Advice - Photography / Copyright
As the author of a photograph - that is, the person who creates it - a freelance photographer is the first owner of the copyright in it. (Under UK law, in the case of employees, the first owner of the copyright in photographs made in the course of their employment is the employer.)
This applies equally to commissioned photographs and to those which are not. This was the major photographic reform enshrined in the Copyright, Designs and Patents Act 1988 (see the link below for the text of the Act).
Under UK law, only the copyright owner can licence the copying of a photograph. That means reproducing the work in any material form, which includes storing the work in any medium by electronic means. Only the copyright owner can licence the issuing of a photograph to the public .
Photographers are frequently put under great pressure to surrender this hard-won right, but are strongly advised never to do so. There are no uses to which a client might wish to put a photograph which cannot be covered by the appropriate licence for an appropriate fee, and such licences should be agreed at the time of commissioning new work, or of seeking permission to reproduce existing photographs.
Even where the client actually needs exclusivity, either for commercial reasons or to protect individuals depicted, the photographer should retain the copyright itself, which can only be sold outright through an "assignment", which requires the photographer's agreement in writing.
Clients have in the past tried to circumvent this law by insisting on the photographer's signature on the back of cheques beneath a form of words that claims to assign copyright to the client before such cheques can be cashed. This has, however, no legal force, and though photographers are advised to delete the offending words before signing, failure to do so does not in fact assign copyright to the client.
Purchase order terms and conditions are often intended to transfer ownership of copyright to the client. Photographers should protect themselves by stating their terms before accepting commissioned work, and even though these cannot be rendered void by subsequent paperwork, photographers should protect themselves by rejecting in writing any such attempt to seek assignment of copyright.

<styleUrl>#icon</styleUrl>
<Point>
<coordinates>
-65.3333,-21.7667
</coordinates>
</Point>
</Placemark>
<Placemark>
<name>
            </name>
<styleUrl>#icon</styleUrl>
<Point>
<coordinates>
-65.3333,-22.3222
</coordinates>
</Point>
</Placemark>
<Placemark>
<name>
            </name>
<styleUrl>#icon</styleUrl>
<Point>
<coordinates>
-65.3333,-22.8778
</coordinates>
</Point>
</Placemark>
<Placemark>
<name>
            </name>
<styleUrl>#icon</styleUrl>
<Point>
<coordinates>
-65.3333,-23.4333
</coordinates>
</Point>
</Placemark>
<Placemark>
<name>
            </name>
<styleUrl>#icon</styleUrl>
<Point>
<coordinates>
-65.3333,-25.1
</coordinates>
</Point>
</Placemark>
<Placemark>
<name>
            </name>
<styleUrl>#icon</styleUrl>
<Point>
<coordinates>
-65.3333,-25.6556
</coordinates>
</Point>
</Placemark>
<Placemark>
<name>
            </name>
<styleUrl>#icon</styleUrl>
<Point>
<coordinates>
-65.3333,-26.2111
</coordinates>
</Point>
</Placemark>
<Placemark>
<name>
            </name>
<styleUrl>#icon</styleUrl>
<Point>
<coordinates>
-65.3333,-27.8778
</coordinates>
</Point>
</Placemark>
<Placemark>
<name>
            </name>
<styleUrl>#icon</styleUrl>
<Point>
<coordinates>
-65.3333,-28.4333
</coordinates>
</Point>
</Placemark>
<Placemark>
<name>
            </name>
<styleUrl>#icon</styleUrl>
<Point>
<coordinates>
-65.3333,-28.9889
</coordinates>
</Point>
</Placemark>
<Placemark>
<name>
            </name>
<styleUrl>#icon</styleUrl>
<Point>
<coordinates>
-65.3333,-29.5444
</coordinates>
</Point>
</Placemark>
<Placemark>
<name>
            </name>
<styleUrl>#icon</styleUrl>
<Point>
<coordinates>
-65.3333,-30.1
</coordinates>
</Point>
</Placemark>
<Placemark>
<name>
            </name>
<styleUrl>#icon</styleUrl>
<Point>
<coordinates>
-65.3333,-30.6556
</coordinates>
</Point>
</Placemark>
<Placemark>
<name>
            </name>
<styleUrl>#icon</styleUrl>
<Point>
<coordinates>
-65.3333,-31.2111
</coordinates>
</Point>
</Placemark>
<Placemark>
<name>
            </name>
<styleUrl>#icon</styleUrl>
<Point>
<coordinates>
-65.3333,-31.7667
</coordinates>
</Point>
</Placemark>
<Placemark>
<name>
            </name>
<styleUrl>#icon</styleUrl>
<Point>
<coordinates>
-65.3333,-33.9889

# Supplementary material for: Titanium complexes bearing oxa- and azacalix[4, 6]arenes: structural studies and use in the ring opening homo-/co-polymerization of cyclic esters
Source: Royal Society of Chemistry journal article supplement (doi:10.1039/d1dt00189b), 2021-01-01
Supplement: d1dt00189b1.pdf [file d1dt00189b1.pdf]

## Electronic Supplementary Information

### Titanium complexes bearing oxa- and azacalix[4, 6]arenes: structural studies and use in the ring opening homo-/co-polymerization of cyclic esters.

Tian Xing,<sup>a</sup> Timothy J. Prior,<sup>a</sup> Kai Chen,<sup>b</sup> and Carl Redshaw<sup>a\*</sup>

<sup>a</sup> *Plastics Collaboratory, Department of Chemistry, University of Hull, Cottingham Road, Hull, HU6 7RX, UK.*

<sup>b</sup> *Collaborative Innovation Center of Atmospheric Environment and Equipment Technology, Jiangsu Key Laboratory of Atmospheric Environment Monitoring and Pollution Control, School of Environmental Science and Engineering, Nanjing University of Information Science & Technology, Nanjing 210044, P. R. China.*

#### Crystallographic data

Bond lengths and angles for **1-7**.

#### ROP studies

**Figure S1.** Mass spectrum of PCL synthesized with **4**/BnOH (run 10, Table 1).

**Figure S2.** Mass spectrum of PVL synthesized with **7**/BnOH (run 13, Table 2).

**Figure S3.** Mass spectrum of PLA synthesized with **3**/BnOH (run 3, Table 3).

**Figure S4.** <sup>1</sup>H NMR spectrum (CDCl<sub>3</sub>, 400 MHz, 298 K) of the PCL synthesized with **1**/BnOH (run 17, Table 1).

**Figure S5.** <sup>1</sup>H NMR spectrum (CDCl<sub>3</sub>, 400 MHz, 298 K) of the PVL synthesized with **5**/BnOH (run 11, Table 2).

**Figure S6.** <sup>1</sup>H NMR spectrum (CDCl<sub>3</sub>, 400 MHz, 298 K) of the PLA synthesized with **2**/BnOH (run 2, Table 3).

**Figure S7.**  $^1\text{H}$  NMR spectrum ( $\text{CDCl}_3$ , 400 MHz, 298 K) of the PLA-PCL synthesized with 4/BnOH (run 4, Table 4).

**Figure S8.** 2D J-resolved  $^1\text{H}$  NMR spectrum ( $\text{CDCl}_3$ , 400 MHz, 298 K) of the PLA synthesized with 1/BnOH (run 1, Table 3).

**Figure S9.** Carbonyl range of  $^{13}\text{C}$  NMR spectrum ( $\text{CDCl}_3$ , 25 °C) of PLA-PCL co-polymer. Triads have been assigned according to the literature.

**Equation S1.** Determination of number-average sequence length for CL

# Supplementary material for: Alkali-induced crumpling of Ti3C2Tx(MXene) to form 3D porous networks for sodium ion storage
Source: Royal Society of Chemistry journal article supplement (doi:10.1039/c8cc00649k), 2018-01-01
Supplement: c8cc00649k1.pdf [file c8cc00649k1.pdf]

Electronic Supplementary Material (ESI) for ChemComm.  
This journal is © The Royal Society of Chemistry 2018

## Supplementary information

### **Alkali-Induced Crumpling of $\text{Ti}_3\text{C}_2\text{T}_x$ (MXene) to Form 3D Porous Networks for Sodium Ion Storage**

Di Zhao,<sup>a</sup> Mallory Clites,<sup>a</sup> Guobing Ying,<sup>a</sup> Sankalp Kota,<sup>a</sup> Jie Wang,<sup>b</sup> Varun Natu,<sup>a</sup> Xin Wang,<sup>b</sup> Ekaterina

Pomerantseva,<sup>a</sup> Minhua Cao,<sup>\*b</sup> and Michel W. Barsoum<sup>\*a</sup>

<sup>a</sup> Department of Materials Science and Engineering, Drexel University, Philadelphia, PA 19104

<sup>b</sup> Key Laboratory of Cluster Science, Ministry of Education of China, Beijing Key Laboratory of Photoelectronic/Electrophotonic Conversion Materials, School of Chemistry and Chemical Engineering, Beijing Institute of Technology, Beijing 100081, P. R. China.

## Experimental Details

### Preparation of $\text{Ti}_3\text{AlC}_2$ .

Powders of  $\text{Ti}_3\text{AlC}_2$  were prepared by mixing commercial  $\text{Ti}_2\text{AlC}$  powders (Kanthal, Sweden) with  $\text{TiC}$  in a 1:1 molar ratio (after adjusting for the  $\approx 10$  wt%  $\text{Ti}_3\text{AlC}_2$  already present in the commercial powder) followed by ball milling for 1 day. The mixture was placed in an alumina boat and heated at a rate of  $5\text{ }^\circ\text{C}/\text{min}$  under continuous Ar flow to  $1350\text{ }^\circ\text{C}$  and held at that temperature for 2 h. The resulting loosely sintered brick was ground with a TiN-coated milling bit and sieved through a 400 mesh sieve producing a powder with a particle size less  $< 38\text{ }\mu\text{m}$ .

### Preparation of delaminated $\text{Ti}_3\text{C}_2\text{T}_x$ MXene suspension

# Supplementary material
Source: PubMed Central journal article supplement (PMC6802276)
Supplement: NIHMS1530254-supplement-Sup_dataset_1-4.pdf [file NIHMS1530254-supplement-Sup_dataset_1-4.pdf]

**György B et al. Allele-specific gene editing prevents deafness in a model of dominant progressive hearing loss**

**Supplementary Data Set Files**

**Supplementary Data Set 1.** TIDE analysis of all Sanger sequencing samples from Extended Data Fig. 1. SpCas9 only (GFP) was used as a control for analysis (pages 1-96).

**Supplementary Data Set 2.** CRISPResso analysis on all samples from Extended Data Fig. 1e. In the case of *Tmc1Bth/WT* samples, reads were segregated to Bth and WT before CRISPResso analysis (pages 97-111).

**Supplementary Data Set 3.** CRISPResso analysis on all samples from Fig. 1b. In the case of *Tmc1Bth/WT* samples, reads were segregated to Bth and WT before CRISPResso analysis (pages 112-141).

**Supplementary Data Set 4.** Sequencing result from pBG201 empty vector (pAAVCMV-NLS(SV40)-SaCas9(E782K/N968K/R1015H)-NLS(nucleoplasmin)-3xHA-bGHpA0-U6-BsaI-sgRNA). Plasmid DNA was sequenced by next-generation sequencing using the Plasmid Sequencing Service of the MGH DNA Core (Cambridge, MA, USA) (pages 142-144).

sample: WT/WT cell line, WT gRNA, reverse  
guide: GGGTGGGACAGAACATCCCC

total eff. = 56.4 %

Photographers are entitled to extra money from companies and organisations that photocopy their published work. To be sure of receiving this, and other payments for such "secondary uses", photographers need to register with DACS. This is free to NUJ members. See the links below. How these payments generally work is that libraries, press offices and others who do bulk copying pay a licence fee to the collecting society. This arranges a survey of a sample of licensees, to work out statistically how to distribute it. Efforts continue to deliver the share of this money due to newspapers' contributors. DACS also distributes money collected for secondary uses in other countries.
DACS collects and distributes certain payments due to photographers by default. Any photographers who want to opt out of this arrangement should contact the Freelance Office.
UK law defines a strictly limited number of ways that photographs can be used used without the photographer's permission or payment to them, such as including them in exam questions. These uses are called "fair dealing" - the equivalent exceptions in US law are called"fair use". See the consolidated version of the Act (linked below) for details.
The important moral rights are the right to object if your work is distorted, and the right to an accurate credit. These are obviously important to protecting and to spreading your reputation - and without your reputation you have no work. Any pressure to "waive" these rights needs to be resisted.
The National Union of Journalists must not, can not and would not wish to dictate rates or terms of engagement to members or to editors. The information presented here is for guidance and as an aid to equitable negotiation only.
Suggestions apply to contracts governed by UK law only. In any event, nothing here should be construed as legal advice.